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The UK’s Advertising Standards Authority (ASA) has investigated two adverts published on YouTube relating to online gambling operator 888 and declared that neither complaint should be upheld.

The material in question was featured on the Calfreezy YouTube channel, which is run by content creator Callum Airey, in August 2021.

The issues related to two videos, both of which featured ads for the 888poker mobile app, and attracted complaints which claimed that Airey had a large following of young people.

The ASA therefore investigated whether there was a strong possibility that gambling ads on Airey’s channel had been targeted at viewers under the age of 18, or had a particular appeal to children.

In response to the investigation, 888 said that at least 75% of Airey’s followers were over 18, and therefore the ads were not targeted at children. Indeed, upon further inspection, the ASA found that 7.5% of the first video’s audience, and 6% of the second video’s audience were under 18, while the channel’s overall viewing figures showed 8.6% of viewers were under 18.

888 Also pointed out that Airey himself is over 25 years of age, and that the ads featured responsible gambling and ‘18+’ logos, as well as a verbal disclaimer stating that the product advertised was only aimed at customers over the age of 18. Therefore, the operator argued that adequate steps had been taken to ensure the ads did not appeal to children.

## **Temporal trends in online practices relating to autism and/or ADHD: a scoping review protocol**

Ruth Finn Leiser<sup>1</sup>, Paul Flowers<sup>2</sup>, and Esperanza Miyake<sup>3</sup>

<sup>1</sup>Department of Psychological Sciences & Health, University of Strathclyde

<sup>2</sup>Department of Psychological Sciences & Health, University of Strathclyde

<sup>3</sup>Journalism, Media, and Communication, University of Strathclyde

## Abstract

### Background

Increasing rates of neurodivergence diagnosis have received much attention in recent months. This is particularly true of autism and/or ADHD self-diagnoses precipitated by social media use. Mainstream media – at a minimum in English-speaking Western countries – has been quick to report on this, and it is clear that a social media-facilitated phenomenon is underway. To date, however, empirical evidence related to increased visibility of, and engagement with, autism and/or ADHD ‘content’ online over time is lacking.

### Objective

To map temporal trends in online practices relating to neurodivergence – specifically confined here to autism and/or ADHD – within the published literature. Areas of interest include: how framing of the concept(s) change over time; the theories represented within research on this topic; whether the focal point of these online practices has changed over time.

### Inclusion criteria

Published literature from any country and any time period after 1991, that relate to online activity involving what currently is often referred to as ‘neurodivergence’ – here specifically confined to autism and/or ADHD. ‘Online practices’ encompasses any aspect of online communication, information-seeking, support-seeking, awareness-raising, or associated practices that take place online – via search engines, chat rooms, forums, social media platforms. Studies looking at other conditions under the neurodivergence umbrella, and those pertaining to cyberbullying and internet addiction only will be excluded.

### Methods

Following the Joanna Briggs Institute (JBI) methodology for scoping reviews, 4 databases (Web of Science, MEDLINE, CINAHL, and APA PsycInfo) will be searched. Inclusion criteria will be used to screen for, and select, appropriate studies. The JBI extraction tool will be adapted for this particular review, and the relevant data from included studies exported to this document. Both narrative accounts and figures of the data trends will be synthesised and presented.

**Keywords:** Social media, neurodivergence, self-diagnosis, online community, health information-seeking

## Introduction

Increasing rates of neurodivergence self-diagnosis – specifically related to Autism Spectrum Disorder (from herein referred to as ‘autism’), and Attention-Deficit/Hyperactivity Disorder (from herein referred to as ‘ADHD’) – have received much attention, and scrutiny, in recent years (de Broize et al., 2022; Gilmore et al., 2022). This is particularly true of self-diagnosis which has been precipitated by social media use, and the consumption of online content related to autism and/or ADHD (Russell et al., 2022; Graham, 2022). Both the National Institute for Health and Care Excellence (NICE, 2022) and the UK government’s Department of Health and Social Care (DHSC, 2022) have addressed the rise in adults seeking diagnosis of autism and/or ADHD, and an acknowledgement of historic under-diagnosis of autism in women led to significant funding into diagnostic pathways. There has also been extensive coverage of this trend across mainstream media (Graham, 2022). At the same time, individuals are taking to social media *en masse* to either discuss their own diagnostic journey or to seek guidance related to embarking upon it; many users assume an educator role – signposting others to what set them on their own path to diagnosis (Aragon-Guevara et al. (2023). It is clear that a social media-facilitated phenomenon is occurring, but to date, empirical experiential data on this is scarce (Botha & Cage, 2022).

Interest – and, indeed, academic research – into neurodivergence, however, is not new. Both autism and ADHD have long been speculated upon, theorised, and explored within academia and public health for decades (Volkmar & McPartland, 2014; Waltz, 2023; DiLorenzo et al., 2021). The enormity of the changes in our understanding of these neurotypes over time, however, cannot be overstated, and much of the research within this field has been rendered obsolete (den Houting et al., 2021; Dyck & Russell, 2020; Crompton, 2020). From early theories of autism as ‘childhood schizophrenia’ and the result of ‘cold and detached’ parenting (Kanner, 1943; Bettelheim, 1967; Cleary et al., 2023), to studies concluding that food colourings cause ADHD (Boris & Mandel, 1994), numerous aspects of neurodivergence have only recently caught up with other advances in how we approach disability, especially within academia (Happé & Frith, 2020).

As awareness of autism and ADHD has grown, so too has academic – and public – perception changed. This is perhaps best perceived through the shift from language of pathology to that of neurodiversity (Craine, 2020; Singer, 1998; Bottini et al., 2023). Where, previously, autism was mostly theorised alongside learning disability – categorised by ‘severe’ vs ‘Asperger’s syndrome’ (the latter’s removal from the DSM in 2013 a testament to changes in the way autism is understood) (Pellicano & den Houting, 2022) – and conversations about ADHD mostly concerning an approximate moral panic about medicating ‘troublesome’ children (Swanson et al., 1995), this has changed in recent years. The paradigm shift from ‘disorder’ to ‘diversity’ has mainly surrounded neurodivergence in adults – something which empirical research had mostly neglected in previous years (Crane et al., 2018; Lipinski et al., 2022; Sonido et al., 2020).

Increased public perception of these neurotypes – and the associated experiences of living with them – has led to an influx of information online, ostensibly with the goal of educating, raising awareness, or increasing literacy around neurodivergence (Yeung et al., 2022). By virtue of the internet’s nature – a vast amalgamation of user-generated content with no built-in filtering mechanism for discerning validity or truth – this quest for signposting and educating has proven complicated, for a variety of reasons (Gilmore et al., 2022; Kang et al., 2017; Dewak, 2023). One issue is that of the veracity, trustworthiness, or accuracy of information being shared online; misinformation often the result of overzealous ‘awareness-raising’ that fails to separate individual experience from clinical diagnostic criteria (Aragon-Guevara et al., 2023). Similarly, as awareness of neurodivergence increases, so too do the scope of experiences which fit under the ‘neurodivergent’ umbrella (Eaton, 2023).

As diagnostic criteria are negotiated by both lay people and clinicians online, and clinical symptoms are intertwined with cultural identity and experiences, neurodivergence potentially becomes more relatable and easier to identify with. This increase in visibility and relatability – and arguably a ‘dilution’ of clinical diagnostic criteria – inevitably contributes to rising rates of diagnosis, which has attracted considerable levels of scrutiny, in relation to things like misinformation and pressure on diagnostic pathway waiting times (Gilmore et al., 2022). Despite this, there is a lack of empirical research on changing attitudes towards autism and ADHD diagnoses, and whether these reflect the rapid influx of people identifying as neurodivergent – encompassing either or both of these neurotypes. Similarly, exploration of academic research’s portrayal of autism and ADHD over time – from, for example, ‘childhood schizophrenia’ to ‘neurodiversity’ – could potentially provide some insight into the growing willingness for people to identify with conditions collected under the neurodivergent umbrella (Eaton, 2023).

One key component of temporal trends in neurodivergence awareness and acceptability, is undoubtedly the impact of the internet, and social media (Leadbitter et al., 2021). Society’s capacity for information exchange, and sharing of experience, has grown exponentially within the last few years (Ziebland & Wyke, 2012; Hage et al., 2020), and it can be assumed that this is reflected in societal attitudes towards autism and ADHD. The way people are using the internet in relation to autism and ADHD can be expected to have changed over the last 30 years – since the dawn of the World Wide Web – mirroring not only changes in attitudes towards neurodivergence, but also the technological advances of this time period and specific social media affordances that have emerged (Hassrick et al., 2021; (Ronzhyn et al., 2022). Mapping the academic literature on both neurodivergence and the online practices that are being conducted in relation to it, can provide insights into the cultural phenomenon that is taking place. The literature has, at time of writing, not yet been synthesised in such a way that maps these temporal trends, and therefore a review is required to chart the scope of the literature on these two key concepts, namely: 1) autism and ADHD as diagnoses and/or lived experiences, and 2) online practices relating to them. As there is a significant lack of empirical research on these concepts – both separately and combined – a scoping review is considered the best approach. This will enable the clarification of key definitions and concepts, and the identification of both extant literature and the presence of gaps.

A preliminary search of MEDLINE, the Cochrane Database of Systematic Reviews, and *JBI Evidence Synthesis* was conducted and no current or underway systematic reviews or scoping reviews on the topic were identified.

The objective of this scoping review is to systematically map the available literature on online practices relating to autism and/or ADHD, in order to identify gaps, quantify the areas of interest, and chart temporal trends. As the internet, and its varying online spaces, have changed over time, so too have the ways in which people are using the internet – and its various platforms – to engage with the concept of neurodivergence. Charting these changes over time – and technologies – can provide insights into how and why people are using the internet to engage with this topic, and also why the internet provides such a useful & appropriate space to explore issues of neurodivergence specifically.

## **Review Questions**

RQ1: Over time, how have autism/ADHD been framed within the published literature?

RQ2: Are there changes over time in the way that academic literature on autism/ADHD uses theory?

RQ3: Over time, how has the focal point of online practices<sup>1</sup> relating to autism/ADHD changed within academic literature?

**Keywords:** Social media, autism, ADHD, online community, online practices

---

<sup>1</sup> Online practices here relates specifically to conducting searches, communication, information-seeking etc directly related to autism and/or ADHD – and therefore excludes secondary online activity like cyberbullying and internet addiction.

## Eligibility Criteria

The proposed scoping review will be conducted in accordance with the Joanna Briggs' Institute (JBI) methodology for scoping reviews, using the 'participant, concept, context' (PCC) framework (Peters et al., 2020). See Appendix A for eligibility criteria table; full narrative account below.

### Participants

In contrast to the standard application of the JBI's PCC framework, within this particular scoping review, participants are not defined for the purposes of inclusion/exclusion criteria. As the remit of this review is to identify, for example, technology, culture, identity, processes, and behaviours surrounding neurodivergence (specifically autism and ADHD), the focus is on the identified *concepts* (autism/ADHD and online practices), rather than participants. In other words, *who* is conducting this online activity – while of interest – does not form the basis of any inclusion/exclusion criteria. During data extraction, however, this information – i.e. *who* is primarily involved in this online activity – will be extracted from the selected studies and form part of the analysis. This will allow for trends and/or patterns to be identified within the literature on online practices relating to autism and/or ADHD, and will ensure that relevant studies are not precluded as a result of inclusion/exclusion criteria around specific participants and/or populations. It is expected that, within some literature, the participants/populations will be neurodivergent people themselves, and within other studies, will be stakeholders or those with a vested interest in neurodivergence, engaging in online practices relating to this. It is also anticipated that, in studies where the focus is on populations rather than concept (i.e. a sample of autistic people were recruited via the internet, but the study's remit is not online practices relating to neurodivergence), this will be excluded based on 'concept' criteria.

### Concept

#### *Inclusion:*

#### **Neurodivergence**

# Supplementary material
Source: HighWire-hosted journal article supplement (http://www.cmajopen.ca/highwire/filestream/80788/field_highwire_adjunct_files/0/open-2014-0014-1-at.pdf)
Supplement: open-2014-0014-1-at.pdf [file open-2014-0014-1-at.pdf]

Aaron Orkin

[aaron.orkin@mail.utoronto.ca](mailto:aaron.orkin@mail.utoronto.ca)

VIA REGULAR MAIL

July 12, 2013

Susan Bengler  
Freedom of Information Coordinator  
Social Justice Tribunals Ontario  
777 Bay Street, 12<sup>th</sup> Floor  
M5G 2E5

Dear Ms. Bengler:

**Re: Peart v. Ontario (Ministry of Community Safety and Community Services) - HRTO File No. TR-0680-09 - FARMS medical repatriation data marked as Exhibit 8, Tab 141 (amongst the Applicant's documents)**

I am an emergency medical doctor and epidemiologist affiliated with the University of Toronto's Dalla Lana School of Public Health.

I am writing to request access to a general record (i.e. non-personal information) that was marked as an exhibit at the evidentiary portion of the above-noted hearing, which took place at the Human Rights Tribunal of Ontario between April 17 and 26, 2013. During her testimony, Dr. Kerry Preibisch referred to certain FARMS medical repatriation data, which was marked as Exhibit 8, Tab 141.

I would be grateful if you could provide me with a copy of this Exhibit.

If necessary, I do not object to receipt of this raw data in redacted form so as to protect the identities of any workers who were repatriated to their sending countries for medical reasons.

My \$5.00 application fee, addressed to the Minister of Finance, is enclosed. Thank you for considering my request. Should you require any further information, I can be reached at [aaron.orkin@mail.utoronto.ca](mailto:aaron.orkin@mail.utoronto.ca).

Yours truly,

In addition, Airey pointed out that the second video, which featured actual poker gameplay, had a smaller proportion of viewers aged under 18 than the first, which did not feature footage of gambling.

The ASA’s assessment concluded that because under 18s were not likely to comprise as much as 25% of the audience that the ads were not targeted at minors and did not breach the CAP code. 

While the ASA conceded that some elements of the videos had the potential to appeal to younger people, for example a demonstration of the ability to ‘throw items’ at other players on a virtual poker table and the appearance of a poker player dressed as a children’s Ken doll toy, the material overall did not have particular appeal to children or young people and therefore did not breach the CAP Code.

No further action in this case was deemed necessary by the regulator.

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